Teddy Maufe farms 407ha
(1000 acres) as the tenant of Branthill Farm, part of
the Holkham Estate,
Sugar beet lies at the heart
of the rotation, with other
crops including winter
barley,wheat and oats,
spring barley and triticale
WE are striving to catch up with our work schedule whenever the land is dry enough to venture onto it. The last of our heavier land for this seasons sugar beet was at last ploughed in mid February – some two months later than usual and leaving little time for a frost tilth.
Optic spring barley drilling behind sugar beet started on Feb 2. A Terra-disc in front of the plough levelled the worst of the ruts left from the beet trailers and in one good week we planted half the 80ha (200 acres) before snow stopped play. The job was finished on Feb 24 and it is a relief to have it all in.
We carted in our last load of sugar beet two days before the factory closed. The clamped beet were in good condition helped by low bruising levels from the TIM harvester. Final results for the campaign are: clean yield 59.6 t/ha (24 t/acre), adjusted yield 65.2 t/ha (26.4 tons/acre), top tare 6.4%, dirt tare 6.4%, amino nitrogen 107, sugar 17.1%.
That is a farm record, surpassing even last year, so again we are slightly trimming back our acreage. But not too much as a summer drought can seriously undermine our yields here. However, I think that the August applied Alto (cyproconazole) has been a significant factor in increasing our yields, keeping the crop canopy healthy and thus extending the growing season.
Our bank manager has just made his annual visit. An increasing overdraft appears an inescapable factor based on our cash flow projections for this year, even with the farm producing bounteous yields. We continue to try to drive down variable costs where possible, and fixed costs too have been trimmed. But as a tenant some are beyond my control.
Finally, a plug for Shuttleworth College Association. I must urge former students to return registration forms as soon as possible or, sadly, this institution will join the growing number of such organisations that have folded. *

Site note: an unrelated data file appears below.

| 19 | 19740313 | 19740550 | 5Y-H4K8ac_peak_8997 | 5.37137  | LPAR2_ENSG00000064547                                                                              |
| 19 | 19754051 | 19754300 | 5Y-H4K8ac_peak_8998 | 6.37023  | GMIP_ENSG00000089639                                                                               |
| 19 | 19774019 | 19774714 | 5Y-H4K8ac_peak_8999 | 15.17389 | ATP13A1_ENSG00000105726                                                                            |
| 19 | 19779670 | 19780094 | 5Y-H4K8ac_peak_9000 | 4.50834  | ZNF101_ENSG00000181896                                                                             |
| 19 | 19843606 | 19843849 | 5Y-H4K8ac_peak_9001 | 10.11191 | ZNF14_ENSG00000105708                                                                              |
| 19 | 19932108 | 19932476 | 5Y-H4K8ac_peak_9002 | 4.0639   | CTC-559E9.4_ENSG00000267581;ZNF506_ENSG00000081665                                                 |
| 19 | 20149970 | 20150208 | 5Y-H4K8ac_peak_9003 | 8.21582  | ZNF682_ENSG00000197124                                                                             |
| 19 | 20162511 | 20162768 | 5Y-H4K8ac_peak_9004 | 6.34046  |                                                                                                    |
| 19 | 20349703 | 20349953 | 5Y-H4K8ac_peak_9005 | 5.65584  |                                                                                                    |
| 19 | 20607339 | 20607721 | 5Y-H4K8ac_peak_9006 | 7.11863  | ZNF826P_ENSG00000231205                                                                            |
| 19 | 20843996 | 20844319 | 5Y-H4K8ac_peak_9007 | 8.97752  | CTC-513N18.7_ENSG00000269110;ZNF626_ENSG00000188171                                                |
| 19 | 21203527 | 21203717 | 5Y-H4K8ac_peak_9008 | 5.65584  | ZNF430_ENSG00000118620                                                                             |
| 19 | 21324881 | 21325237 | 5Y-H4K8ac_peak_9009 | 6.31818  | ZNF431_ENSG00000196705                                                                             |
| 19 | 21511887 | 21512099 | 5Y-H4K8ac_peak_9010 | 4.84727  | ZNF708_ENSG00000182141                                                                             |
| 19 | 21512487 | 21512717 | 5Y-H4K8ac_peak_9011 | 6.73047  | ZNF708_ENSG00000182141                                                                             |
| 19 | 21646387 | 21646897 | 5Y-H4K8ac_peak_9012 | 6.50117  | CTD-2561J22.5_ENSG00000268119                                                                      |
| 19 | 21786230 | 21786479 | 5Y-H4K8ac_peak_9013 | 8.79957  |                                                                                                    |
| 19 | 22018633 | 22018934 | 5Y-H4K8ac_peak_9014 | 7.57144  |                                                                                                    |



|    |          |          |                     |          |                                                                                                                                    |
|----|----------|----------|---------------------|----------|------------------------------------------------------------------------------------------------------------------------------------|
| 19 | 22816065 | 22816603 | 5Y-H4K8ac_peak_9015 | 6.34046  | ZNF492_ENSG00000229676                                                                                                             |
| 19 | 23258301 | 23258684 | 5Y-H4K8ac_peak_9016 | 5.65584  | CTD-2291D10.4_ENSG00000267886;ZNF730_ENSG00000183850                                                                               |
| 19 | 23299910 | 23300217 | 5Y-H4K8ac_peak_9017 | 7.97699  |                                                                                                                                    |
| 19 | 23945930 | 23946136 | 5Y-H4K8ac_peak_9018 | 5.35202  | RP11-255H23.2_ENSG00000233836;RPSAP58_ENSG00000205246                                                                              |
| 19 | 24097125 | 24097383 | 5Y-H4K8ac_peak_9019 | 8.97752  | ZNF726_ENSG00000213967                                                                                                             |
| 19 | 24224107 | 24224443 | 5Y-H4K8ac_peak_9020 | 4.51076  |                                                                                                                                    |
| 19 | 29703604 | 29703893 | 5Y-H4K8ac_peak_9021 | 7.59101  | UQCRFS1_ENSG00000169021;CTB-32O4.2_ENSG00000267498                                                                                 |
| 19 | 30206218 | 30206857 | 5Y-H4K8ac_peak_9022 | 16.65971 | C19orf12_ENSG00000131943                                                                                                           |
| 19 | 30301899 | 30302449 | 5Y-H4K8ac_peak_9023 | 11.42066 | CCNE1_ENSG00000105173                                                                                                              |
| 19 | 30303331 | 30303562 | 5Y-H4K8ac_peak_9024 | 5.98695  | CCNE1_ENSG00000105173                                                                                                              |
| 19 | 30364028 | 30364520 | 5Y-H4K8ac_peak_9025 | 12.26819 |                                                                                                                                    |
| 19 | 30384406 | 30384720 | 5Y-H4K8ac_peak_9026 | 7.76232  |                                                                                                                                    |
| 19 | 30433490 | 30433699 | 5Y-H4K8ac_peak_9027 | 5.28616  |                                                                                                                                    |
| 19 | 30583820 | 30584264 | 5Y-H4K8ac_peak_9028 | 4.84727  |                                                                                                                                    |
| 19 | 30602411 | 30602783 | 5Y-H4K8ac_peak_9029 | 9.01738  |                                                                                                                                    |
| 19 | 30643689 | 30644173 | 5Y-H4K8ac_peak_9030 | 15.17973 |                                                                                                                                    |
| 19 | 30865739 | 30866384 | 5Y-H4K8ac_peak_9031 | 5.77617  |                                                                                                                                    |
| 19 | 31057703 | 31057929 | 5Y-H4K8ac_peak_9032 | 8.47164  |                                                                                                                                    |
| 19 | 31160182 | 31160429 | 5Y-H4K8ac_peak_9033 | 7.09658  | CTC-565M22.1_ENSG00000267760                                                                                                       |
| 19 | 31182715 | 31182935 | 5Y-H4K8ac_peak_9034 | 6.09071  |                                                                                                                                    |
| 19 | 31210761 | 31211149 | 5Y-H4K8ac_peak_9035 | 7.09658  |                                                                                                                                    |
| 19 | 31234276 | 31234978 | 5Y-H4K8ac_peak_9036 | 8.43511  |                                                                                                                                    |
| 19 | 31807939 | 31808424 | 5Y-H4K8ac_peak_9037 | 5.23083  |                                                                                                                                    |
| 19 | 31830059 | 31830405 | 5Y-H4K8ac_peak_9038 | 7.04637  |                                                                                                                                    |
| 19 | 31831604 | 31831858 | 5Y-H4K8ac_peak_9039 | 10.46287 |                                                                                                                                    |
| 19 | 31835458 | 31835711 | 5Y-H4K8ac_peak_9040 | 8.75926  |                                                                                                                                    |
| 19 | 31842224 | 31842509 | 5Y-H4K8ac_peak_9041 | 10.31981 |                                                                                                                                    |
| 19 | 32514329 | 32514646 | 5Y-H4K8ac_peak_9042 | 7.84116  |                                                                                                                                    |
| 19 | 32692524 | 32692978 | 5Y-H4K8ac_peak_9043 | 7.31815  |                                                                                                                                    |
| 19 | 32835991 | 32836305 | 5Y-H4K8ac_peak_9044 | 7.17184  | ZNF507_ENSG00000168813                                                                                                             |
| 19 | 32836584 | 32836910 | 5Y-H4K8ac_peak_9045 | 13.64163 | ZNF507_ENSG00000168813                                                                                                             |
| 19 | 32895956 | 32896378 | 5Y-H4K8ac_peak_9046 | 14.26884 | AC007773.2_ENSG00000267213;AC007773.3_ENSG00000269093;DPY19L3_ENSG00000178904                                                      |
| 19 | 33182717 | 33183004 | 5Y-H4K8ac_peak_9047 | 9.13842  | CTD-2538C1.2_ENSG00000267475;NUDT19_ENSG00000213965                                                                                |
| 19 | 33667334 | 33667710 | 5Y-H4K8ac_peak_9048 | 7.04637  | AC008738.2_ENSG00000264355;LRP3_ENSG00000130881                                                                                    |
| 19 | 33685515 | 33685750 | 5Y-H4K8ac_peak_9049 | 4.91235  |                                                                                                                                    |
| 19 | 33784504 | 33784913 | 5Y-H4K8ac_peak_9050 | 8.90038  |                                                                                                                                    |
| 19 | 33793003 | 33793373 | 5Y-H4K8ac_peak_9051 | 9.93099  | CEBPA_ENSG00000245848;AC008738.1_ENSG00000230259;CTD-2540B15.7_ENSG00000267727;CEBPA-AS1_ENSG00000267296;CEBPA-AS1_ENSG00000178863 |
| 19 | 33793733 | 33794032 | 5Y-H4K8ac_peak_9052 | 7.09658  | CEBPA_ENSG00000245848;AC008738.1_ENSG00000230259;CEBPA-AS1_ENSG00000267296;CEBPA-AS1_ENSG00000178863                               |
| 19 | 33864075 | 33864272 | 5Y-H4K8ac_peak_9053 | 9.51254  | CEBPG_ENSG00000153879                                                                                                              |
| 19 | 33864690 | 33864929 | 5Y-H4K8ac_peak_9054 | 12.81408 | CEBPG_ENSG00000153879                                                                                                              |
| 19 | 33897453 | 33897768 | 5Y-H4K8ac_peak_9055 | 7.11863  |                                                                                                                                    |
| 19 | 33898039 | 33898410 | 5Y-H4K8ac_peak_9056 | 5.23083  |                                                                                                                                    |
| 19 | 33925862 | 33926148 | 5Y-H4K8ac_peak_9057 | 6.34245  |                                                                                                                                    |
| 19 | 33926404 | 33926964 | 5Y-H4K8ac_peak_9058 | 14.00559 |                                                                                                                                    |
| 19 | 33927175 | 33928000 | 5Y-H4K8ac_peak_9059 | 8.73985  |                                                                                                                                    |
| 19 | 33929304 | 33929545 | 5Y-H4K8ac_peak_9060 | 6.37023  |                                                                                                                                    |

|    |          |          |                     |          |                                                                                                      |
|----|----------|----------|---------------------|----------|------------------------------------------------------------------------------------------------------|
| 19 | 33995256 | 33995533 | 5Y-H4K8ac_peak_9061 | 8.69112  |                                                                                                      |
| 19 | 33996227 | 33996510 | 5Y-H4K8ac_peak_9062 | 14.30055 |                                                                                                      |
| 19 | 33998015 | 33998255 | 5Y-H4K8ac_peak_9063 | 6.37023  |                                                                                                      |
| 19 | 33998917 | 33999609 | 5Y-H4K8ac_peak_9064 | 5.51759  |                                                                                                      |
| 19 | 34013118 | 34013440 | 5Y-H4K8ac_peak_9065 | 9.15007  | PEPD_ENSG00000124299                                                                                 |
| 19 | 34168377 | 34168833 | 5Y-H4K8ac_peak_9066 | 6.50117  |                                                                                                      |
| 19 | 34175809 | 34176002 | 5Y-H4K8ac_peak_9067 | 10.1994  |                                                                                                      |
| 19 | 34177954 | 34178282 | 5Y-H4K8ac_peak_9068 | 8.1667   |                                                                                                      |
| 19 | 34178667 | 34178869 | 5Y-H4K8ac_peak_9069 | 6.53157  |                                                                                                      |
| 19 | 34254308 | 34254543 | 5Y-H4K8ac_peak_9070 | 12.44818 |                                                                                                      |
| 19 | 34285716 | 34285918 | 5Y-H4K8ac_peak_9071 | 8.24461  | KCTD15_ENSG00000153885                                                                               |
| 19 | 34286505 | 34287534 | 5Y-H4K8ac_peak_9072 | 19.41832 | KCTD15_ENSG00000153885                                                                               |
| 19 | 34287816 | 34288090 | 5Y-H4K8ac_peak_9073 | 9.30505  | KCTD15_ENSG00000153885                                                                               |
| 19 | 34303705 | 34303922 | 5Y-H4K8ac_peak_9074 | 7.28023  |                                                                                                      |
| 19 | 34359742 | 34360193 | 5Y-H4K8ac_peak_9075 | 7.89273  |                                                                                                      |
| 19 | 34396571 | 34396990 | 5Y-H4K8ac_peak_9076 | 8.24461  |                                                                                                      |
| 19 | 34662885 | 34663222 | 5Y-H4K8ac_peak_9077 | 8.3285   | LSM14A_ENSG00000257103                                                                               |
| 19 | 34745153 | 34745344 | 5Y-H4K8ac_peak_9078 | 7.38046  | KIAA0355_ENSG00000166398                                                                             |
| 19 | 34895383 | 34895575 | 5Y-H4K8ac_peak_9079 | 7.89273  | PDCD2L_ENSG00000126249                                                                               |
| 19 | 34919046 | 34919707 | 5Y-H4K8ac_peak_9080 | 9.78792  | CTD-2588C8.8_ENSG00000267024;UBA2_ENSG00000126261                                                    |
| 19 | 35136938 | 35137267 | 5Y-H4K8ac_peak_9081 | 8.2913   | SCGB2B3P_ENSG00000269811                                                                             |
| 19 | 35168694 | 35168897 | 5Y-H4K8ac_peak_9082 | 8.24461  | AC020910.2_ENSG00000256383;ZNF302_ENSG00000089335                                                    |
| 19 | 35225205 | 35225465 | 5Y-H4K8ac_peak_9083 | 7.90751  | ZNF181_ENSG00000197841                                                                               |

Dennis Ford farms 384ha
(950 acres) from Home
Farm, Hinton Parva,
Swindon, Wilts. One-third is
owned, two-thirds tenanted
and a small area contract
farmed. Cropping is winter
wheat, barley, rape and
beans, plus spring rape,
linseed and flax
TALKING with some hockey and farming friends from Cheltenham I was quite surprised to hear their stories about excellent yields last year. Having moved all of our feed wheat we now know how well we did, or rather didnt, do.
Our average yield was only 6.7t/ha (2.7t/acre), which is not good but better than I feared. Brown rust on Buster was mainly to blame, as we were unable to spray because of the weather at the time. What is a pleasant surprise is the fact that the vast majority of the tonnage went off the farm above 72 kg/hl. Now for the milling wheat which is still in store.
Field work started briefly in mid February, but has ground to a halt again. We put 56kg/ha (70 units/acre) of nitrogen on oilseed rape but have had to sit and wait since then. At the end of last week things were starting to dry a little but weekend rain could change all that.
Taking a look at the worst wheats I noticed there are many patches in the middle of the field which the slugs have eaten. But they are not all in one part of the field, so it is difficult to decide whether or not to re-drill. At present it is too wet to do anything, so we have a bit of time to sit on the fence before making a decision. But if we do decide to replace any patches, the chances are it will be with linseed. That, of course, can be done quite late in the season, buying even more time to fully appraise the crop, or lack of it, before admitting defeat to the slugs.
Away from the farm, the dismantling of the earthworks sheds continues. The roof sections are down and back at the farm, but a crane will have to be hired to lower the RSJs to the ground and complete the exercise. *